Raja Ampat is undoubtedly one of natures wonders:
Wherever you look, life explodes into a miraculous world of form and colour.
From the curiosities roaming the pristine rainforests to the countless creatures inhabiting the vivid reefs, the archipelago truly bursts with life.
Although the archipelago is best known for it’s fabled underwater world, Raja Ampat’s forests offer an impressive variety of life themselves.
Being a paradise for birds, the islands are almost sacral to ornithologists, who come to observe myth-like creatures like the Wilson’s Bird of Paradise. But the pristine tropical rainforests have even more to offer: from marsupials, gliding between the tree-tops, to mushrooms glowing in the dark - the jungle appears to be out of a fairy tale rather than real.
Keep reading to learn more about the archipelago's fascinating creatures.
With the exception of bats, all the endemic species in Raja Ampat are marsupials. Boars, dogs, rats and some other mammals, nowadays common in the archipelago, were brought by Austronesians as recently as 4.000 years ago.
Nevertheless, there are still quite a few interesting creatures to be found in Raja Ampat: different species of cuscus (including one endemic), bandicoot and possum. A real curiosity is the Western long-beaked Echidna, one of just a handful egg-laying mammals in existence.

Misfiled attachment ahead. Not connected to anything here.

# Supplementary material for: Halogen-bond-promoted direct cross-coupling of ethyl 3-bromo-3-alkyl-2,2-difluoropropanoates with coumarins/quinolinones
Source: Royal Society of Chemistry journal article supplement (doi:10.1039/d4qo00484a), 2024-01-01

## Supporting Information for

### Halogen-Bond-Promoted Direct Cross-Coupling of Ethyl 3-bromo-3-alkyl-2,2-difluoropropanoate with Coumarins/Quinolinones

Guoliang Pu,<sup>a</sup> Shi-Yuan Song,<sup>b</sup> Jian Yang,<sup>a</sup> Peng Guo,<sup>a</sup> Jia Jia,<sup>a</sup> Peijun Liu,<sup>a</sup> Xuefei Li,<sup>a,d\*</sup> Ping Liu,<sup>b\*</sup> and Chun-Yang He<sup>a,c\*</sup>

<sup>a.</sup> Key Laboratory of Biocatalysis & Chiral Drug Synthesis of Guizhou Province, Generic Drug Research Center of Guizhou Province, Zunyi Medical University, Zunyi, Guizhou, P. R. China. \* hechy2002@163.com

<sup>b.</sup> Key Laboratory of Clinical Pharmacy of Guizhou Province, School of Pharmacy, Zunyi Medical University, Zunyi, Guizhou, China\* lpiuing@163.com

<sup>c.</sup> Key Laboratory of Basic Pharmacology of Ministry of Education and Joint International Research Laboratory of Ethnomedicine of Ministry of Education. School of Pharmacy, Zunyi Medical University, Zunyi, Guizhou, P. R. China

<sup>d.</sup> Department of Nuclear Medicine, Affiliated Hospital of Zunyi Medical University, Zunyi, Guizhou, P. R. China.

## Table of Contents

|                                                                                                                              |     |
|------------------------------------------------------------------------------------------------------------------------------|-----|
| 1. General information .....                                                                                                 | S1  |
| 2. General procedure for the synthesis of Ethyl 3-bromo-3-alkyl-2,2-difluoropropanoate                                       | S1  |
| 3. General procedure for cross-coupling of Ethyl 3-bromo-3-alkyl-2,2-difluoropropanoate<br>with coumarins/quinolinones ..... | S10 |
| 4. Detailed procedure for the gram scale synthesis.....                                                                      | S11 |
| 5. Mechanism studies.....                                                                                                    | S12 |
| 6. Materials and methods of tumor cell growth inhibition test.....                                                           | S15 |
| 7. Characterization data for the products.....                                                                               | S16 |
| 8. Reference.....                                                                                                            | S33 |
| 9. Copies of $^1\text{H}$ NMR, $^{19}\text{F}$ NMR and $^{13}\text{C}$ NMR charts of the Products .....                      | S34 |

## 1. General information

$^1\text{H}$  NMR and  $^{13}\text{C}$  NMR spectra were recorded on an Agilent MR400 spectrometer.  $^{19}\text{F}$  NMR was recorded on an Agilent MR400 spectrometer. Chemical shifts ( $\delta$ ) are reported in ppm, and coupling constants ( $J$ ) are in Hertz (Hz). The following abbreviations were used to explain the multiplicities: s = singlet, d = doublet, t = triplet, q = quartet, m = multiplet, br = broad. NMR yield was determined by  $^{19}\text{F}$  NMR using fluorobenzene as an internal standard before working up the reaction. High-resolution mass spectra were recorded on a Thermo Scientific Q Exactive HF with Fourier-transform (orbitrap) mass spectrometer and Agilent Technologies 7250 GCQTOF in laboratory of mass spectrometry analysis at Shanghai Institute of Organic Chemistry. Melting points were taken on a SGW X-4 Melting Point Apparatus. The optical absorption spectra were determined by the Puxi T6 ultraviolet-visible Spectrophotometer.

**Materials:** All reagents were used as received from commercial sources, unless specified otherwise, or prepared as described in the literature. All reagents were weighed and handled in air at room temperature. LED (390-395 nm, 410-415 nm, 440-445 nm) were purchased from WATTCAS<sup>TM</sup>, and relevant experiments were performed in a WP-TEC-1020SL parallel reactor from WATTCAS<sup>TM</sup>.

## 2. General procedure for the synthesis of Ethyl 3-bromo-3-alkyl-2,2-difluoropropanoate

More than 350 bird species can be observed in Raja Ampat, of which six are endemic to the archipelago. Many of the birds inhabiting the islands are rare sights outside of Raja Ampat and the area has become famous among ornithologists all over the world.
The colourful Wilson’s and the enchanting Red Bird of Paradise are just two examples of the wonderful feathered life forms to be found on the tropical islands. Further inland delightful Crowned Pigeons and flightless Cassowaries roam the dense jungle.
Raja Ampat is inhabited by numerous reptile species, most commonly found on the bigger islands where the dense jungle offers an ideal habitat for them. Due to the tropical climate and relatively high temperatures all year long, they strive in this environment.
Monitor lizards, such as the endemic Golden Speckled Tree Monitor, and various pythons are numerous especially on Waigeo, but more common species of monitors and other reptiles can be found all over the archipelago.
The amphibious creatures of Raja Ampat have received far less attention from the scientific community than other animal families. However, there is a strong presence of frogs on the larger islands and the dense jungles still hold one or the other secret.
In 2015 a study carried out by Steve Richards and his team identified two new species of narrow-mouthed frogs by tracking their night calls. One of them turned out to be a hermaphrodite, while the other one represents the first record of the genus Cophixalus in Misool.